United States District Court, E.D. Wisconsin
AARON L. JACOBS, JR., Plaintiff,
CPL. WEED, LT. HALASI, LT. S. TIMRECK, D. OLSON, LT. P. STEFFEN, K. BARKLEY, CORPORAL LANGAN, R. LONGSINE, CPL. SMITH, and LT. H. MICHEL, Defendants.
DECISION AND ORDER SCREENING SECOND AMENDED COMPLAINT
UNDER 28 U.S.C. § 1915A (DKT. NO. 18) AND DENYING
REQUEST TO APPOINT COUNSEL (DKT. NO. 19)
PAMELA PEPPER United States District Judge.
18, 2016, the court screened the first amended complaint
pursuant to 28 U.S.C. §1915A. Dkt. No. 17. The court
determined that the plaintiff's claim that the Brown
County Jail's alleged policy of refusing to let the
plaintiff review his incoming mail before it was returned to
the sender was sufficient to state a claim upon which relief
could be granted. Id. at 6; see also Van den
Bosch v. Raemisch, 658 F.3d 778, 785-86 (7th Cir. 2011).
Because the plaintiff did not identify any defendants
involved with this claim, however, the court provided the
plaintiff an opportunity to file a second amended complaint,
naming the defendant(s) who were personally involved in the
claim. Dkt. No. 17 at 6. On August 8, 2016, the plaintiff
filed his second amended complaint. Dkt. No. 18.
second amended complaint, the plaintiff alleges that Brown
County Jail officials, pursuant to Jail policy, failed to
provide him with incoming mail, and returned the mail to the
sender, on four separate occasions. Dkt. No. 18 at 3-5.
Specifically, he alleges that defendants “MC, ”
K. Barkley (on two occasions), and R. Longsine rejected his
mail and returned it to the sender without providing notice
to the plaintiff. Id. The plaintiff alleges that he
filed an inmate complaint related to each incident.
Defendants Cpl. Weed, Lt. P. Steffen, Cpl. Langan, and Cpl.
Smith dismissed the plaintiff's grievances as unfounded.
The plaintiff appealed the dismissals of his grievances.
Defendants Lt. Halasi, Lt. Timreck, and Lt. Michel upheld the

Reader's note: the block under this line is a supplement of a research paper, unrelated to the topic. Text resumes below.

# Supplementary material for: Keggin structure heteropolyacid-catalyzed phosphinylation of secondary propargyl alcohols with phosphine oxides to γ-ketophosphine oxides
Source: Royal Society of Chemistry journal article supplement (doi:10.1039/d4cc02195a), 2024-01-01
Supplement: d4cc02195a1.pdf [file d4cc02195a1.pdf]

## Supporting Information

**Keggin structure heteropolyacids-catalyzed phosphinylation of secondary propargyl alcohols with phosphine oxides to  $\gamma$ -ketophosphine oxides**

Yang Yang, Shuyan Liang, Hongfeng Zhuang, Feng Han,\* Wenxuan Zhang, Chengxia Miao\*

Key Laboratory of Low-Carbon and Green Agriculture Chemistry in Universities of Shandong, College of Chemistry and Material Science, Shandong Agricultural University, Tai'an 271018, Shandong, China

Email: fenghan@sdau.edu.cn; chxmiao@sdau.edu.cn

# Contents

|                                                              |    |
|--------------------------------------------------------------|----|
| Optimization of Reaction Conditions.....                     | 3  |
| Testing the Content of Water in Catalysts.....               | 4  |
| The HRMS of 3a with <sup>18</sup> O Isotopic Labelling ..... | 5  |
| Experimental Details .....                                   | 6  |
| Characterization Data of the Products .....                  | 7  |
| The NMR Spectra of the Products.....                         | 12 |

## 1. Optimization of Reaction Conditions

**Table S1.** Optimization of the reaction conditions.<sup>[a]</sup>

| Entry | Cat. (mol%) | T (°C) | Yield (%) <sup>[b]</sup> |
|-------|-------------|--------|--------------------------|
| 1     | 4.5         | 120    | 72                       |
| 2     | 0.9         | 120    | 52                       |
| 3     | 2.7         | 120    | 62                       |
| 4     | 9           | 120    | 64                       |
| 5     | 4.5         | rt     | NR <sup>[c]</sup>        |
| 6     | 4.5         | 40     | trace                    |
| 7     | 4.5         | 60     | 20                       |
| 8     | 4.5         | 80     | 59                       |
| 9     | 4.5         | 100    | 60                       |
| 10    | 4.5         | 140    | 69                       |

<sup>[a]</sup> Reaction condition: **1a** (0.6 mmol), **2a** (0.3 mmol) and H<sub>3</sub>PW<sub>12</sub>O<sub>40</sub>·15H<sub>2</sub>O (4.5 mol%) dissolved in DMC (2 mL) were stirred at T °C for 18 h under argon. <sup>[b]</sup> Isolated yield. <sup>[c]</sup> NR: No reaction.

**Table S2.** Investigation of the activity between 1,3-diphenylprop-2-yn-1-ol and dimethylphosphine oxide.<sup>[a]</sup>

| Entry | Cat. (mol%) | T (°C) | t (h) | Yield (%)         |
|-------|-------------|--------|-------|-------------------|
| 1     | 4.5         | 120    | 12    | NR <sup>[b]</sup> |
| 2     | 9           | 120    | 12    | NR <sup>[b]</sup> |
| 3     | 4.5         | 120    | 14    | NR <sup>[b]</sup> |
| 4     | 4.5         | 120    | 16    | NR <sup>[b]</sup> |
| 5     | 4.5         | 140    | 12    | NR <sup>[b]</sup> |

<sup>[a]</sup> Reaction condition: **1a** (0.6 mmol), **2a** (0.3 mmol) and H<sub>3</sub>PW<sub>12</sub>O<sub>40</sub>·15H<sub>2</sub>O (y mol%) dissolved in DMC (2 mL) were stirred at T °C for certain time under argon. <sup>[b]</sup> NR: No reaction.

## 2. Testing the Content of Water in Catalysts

dismissals on appeal. Id.
court finds that the plaintiff may proceed on his claims
under the First Amendment against the defendants who rejected
his mail: defendants MC, Barkley and Longsine. The plaintiff
may not proceed against the Brown County Jail officials who
dismissed his inmate grievances and upheld the dismissals on
appeal, because those officials did not have any personal
involvement in the incidents. See George v. Smith,
507 F.3d 605, 609-10 (7th Cir. 2007) (“Ruling against a
prisoner on an administrative complaint does not cause or
contribute to the [constitutional] violation.”);
see also Burks v. Raemisch, 555 F.3d 592, 595-96
(7th Cir. 2009). Accordingly, the court will dismiss
defendants Weed, Langan, Smith, Steffen, Halasi, Timreck, and
Michel. Finally, the complaint does not contain any
allegations against defendant Olson and, the court will
November 3, 2016, the court received a letter from Gerald
Jackson, writing on behalf of the plaintiff. Dkt. No. 19. The
letter indicated that the plaintiff had been representing
himself up to that point, but that he wouldn't be able to
do that any longer. Mr. Jackson explained that the plaintiff
had made some suicide attempts, and the Brown County Jail
personnel had removed all of his legal papers and writing
materials as a result. Mr. Jackson told the court that the
plaintiff has been moved to the Mendota Mental Health
facility. Id. at 1-2. For all of these reasons, Mr.
Jackson asked, on the plaintiff's behalf, that the court
appoint a lawyer to represent him. Two weeks later, Mr.
Jackson sent another letter, telling the court that the